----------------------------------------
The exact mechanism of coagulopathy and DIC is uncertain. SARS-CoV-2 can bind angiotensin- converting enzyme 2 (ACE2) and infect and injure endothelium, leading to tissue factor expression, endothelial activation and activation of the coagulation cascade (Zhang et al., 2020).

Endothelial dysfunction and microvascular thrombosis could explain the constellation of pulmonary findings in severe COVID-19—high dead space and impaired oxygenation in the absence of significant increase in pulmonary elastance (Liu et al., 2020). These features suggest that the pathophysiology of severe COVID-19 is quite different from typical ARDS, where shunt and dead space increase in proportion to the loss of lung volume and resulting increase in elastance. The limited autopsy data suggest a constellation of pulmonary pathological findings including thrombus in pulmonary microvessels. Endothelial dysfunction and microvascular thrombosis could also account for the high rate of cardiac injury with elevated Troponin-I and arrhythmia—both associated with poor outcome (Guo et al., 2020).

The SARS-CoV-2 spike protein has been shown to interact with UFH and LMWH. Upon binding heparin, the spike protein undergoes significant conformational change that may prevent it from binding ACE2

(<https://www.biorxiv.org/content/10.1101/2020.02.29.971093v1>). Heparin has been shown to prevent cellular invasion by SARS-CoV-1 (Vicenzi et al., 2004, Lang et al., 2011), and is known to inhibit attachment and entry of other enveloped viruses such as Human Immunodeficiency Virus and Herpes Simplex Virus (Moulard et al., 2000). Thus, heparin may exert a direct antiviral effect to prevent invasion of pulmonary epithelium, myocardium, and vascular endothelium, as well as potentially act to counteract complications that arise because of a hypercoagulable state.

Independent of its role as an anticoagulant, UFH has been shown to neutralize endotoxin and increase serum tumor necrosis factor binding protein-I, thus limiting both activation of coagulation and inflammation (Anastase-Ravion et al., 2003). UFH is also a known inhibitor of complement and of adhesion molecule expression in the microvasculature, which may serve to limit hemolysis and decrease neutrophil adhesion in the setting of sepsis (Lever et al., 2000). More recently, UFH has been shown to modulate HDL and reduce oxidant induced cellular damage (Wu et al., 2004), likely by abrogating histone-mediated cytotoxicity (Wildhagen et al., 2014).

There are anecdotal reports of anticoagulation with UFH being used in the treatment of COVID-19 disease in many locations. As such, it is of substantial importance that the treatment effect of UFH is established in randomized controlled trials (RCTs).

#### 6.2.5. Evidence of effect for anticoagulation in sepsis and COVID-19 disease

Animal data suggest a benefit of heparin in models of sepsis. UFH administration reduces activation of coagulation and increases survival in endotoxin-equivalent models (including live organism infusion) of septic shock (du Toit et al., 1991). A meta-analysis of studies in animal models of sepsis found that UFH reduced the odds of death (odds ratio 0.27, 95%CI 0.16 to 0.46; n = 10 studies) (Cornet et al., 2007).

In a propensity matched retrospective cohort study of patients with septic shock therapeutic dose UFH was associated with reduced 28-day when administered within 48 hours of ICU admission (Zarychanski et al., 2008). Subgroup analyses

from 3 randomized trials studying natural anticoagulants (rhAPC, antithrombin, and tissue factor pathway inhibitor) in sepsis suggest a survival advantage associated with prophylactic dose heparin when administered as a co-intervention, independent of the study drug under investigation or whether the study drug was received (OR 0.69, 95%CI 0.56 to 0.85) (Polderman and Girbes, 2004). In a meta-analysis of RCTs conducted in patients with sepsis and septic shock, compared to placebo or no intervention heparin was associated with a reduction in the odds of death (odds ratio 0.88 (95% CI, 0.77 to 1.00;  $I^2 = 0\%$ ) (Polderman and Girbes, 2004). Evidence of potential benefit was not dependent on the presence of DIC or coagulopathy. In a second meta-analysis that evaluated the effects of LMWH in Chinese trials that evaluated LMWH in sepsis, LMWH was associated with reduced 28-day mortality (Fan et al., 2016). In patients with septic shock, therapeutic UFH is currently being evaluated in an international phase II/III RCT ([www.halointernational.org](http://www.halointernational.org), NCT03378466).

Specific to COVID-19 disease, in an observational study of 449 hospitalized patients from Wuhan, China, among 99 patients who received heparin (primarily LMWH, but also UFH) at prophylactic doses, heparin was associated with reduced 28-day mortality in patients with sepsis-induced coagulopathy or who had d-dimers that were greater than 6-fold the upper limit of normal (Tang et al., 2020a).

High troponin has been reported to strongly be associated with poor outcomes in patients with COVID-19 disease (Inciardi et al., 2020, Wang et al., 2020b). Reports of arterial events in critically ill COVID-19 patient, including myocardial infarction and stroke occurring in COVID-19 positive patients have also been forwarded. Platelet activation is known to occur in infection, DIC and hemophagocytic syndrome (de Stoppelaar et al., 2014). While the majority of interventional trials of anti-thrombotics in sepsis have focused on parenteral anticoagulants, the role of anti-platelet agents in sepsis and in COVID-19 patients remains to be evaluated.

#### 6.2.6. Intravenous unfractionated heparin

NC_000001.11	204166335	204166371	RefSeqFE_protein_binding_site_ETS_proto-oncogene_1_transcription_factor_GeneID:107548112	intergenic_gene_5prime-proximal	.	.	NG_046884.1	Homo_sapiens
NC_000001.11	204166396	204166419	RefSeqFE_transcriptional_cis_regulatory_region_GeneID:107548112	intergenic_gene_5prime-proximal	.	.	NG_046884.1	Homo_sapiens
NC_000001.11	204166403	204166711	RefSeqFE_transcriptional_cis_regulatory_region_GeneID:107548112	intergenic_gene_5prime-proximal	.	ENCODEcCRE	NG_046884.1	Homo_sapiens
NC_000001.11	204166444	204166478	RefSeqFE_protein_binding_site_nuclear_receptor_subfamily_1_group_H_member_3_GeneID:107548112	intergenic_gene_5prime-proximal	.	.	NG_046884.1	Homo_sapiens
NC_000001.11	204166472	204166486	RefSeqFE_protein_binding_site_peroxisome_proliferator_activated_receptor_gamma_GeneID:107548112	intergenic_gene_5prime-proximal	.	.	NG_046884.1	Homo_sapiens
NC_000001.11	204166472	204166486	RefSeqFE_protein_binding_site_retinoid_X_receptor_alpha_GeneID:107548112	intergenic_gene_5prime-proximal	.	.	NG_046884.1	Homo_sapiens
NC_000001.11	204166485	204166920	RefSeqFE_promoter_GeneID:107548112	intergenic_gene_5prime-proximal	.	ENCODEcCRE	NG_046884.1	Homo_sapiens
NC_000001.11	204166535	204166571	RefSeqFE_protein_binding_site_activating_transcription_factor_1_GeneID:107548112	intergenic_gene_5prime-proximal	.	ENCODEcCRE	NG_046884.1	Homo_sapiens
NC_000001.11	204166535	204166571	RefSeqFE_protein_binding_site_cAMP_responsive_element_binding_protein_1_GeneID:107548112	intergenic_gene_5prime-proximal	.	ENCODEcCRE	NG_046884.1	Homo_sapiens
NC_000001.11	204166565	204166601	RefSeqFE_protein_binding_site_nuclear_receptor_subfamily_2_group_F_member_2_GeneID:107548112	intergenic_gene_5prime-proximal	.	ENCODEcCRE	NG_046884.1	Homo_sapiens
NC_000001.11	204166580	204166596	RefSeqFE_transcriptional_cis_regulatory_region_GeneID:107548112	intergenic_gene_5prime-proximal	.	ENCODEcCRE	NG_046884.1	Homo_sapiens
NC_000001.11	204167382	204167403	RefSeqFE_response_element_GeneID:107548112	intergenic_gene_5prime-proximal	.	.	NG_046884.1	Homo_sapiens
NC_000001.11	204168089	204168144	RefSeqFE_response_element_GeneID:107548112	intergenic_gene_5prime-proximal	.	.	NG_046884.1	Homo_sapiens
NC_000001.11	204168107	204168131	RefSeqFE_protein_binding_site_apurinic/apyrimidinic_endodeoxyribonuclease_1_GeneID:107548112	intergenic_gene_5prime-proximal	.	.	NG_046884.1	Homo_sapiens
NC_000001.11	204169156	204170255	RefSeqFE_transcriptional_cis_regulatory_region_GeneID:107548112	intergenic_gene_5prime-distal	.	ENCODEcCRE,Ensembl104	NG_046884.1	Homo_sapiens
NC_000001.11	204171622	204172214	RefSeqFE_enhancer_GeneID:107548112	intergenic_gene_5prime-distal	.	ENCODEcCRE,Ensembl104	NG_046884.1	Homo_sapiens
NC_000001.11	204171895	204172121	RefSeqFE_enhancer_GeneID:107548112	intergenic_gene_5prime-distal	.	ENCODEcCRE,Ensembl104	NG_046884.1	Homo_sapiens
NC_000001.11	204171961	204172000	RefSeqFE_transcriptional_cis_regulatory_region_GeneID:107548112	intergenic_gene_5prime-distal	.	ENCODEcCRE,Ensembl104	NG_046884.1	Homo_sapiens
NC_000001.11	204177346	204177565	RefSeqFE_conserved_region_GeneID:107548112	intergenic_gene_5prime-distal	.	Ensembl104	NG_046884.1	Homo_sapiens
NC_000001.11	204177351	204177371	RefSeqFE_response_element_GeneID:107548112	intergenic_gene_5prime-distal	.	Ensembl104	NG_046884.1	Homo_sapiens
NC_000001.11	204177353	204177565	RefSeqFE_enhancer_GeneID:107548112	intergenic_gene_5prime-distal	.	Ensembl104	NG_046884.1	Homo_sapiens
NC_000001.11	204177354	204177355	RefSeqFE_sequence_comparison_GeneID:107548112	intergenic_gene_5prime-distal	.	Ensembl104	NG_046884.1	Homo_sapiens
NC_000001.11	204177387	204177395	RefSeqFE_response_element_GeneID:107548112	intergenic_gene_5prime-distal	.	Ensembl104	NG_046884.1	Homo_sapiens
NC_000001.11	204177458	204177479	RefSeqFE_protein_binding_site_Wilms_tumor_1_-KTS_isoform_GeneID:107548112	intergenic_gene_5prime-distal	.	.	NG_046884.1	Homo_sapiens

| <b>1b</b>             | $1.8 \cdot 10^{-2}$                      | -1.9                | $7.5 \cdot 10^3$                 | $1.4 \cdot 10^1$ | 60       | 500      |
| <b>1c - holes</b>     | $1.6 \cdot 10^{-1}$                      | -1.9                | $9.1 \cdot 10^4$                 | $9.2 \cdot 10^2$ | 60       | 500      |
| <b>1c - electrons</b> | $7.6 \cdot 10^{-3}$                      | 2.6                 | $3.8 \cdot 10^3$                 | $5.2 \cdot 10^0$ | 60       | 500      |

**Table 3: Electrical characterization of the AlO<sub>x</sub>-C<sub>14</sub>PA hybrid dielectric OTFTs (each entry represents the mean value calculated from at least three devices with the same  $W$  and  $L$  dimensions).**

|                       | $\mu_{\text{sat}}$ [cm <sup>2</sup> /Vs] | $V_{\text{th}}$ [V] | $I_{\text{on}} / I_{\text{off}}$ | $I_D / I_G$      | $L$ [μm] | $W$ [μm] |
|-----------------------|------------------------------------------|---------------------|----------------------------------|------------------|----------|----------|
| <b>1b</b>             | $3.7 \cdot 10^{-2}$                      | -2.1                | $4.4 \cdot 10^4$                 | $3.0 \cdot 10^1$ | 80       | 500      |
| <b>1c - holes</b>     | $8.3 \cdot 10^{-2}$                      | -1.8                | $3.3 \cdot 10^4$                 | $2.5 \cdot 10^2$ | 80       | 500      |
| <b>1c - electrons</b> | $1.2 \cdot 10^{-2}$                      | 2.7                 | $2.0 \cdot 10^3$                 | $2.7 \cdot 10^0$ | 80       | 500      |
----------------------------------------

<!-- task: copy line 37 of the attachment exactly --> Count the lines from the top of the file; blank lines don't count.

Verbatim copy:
NC_000001.11	204177458	204177479	RefSeqFE_protein_binding_site_Wilms_tumor_1_-KTS_isoform_GeneID:107548112	intergenic_gene_5prime-distal	.	.	NG_046884.1	Homo_sapiens